It’s been 54 years since Julie Andrews graced cinema screens as Mary Poppins, the much-adored, singing magical nanny who arrives with her flying umbrella to take care of the Banks family. The eponymous 1964 film — for which Andrews won the Oscar for Best Actress — became an instant classic, its music becoming a core part of generations of children’s upbringing all over the world. Now, after one of the longest gaps between sequels ever recorded in cinematic history, the singing nanny returns to screens in Mary Poppins Returns, this time played by Emily Blunt with Lin-Manuel Miranda, Ben Whishaw, Emily Mortimer, Pixie Davies, Joel Dawson, Nathanael Saleh, Meryl Streep, Colin Firth, and Julie Walters in supporting roles.
Set decades after the first film, now adults Michael (Whishaw) and Jane (Mortimer) face growing financial concerns following the death of Michael’s wife and the possible acquisition of the Banks family home, leaving father Michael and children John, Anabel, and Georgie homeless. This prompts the return of Mary Poppins to the Banks household and, with her, an unforgettable adventure full of song and dance.
Especially spectacular is the film’s now Oscar-nominated production design. Each and every world Mary Poppins introduces the Banks children to is more mesmerising than the next: whether it is the upside-down world (where Meryl Streep randomly shows up for 10 minutes) or the London-influenced world of the leeries, the film enamours the viewer with its inventive quirks and marvels, and the cast members — particularly Miranda, whose turn as Jack never fails to impress — engage the many spaces around them to deliver wonderfully choreographed performances.
Filling the shoes of such a revered actress as Andrews cannot possibly be an ordinary task, but Blunt is, for all intents and purposes, extraordinary in her turn as the beloved nanny, . Combining the spirit of Andrews’s very proper, very British Mary Poppins with her own charm and elegance makes for character that is in touch with her roots but very much her own. From the enthralling musical numbers (which paid homage to Andrews’s singing style) to the wonderful choreography, Blunt carries the film start to finish, never missing a beat. As great as the performance itself is, however, the value of the character is diminished to a plot device the further along the film goes: Blunt’s Poppins is there to fix problems and little else most of the time and so becomes more a trope than a character, whereas Andrews’s Poppins was much more layered.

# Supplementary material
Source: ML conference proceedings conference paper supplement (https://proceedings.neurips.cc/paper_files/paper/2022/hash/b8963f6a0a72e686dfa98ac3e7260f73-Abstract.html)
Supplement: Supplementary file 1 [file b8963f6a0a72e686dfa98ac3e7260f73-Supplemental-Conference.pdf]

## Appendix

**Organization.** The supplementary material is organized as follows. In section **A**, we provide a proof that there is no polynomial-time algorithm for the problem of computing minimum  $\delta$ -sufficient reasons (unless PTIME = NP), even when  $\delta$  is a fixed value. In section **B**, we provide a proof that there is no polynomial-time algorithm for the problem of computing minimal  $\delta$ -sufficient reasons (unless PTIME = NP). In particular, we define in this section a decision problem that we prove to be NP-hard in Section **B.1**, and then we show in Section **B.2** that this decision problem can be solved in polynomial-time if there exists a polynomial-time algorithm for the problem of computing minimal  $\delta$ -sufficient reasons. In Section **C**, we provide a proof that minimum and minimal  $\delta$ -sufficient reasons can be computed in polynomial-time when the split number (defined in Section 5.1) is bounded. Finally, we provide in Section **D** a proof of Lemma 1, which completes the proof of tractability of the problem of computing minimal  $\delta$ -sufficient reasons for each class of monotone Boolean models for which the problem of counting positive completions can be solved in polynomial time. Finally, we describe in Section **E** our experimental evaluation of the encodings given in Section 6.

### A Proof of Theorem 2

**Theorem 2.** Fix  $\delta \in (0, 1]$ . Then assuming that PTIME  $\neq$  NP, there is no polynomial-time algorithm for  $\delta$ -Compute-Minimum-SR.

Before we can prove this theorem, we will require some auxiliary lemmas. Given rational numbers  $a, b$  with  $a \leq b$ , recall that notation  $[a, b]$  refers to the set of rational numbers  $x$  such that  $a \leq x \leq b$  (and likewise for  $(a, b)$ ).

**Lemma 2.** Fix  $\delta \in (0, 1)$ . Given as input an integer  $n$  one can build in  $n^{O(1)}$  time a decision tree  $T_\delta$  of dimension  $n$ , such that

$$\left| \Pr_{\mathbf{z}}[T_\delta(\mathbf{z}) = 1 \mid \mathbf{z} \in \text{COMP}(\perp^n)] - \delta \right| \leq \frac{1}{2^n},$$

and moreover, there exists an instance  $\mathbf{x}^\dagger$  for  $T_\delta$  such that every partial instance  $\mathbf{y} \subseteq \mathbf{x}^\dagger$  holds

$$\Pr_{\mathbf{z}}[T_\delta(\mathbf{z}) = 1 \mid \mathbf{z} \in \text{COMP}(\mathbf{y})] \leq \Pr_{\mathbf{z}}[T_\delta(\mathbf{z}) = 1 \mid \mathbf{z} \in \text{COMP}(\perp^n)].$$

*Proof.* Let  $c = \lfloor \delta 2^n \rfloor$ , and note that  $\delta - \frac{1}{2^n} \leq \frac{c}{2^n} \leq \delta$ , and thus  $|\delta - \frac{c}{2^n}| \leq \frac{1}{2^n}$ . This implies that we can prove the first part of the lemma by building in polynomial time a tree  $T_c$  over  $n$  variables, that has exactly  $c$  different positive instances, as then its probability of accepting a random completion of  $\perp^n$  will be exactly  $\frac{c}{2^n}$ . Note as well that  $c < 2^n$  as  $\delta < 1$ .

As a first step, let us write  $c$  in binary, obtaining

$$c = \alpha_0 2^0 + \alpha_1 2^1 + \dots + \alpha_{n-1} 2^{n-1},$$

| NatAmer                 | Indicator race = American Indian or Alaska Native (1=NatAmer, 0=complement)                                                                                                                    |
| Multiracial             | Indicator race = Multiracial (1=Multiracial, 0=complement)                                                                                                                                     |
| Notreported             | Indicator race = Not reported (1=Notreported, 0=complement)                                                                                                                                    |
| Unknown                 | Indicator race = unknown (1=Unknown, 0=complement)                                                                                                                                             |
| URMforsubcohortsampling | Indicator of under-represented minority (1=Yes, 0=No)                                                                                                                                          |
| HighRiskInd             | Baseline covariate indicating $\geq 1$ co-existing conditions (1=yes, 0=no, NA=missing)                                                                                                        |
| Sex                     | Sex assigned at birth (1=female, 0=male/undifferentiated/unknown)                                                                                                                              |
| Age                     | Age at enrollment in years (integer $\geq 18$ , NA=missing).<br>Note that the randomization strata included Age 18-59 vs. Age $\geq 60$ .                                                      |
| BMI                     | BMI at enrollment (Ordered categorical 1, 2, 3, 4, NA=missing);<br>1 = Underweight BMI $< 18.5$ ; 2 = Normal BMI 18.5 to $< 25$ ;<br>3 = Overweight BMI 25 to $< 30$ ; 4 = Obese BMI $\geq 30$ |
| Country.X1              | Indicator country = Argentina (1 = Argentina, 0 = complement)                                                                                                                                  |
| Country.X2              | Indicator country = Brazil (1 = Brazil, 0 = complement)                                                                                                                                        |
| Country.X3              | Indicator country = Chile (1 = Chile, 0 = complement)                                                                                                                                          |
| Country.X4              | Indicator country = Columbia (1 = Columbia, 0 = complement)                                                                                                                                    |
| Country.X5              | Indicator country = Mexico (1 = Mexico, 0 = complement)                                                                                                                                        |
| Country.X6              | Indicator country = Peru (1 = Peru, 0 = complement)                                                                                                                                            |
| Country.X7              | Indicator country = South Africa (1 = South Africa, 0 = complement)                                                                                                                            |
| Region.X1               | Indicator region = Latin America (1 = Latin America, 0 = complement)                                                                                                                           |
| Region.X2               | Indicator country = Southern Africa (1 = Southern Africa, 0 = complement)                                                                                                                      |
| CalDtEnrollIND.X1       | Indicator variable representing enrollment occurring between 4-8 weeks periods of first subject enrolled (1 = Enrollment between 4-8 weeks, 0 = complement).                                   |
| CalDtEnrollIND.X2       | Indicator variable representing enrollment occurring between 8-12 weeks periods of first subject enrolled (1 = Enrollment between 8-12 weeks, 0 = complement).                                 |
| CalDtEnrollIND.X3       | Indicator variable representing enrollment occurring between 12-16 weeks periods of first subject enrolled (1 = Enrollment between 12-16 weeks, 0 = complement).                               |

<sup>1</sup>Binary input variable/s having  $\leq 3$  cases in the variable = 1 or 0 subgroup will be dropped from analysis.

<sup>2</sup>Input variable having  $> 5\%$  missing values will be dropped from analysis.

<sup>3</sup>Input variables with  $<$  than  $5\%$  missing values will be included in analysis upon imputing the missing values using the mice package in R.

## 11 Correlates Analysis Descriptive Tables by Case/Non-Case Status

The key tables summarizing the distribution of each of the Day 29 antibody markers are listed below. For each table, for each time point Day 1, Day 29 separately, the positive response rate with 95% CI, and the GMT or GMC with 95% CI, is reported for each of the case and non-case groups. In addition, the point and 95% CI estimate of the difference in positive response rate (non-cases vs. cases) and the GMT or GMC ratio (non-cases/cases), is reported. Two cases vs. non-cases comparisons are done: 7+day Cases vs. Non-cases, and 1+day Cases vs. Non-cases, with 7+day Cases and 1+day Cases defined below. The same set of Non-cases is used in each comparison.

On some level, the entire film feels that way. To the unassuming child viewer, Mary Poppins Returns is a tremendously fun ride with imaginative visual effects, impossibly catchy tunes, and dreamy costumes (Sandy Powell will compete against herself once again for this year’s Academy Award for costume design). The film pays tribute to a time when Disney films were sweeping in a way that new films targeted at younger audiences are not, and it is refreshing to see director Rob Marshall conjure some of Disney’s old magic to make a Mary Poppins film for a new generation.
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In doing that, however, some of the film’s substance is lost on the older generation watching. Despite multiple references to the original film and cameos by some of its original cast members, including Dick Van Dyke and Karen Dotrice, the film’s main narrative is rather similar to the original film, leaving opportunities to explore the story arcs of Michael and Jane as adults rather amiss. The film in fact feels more like a reenactment of the original rather than a sequel to it, successfully maintaining the charm of the first but failing to properly bridge the gaps between the stories.
Mary Poppins Returns may not be the perfect sequel, but it remains a delight to the younger viewer and a generous reminder that every once in a while, whether old or young, we all deserve to feel everything is possible — even the impossible.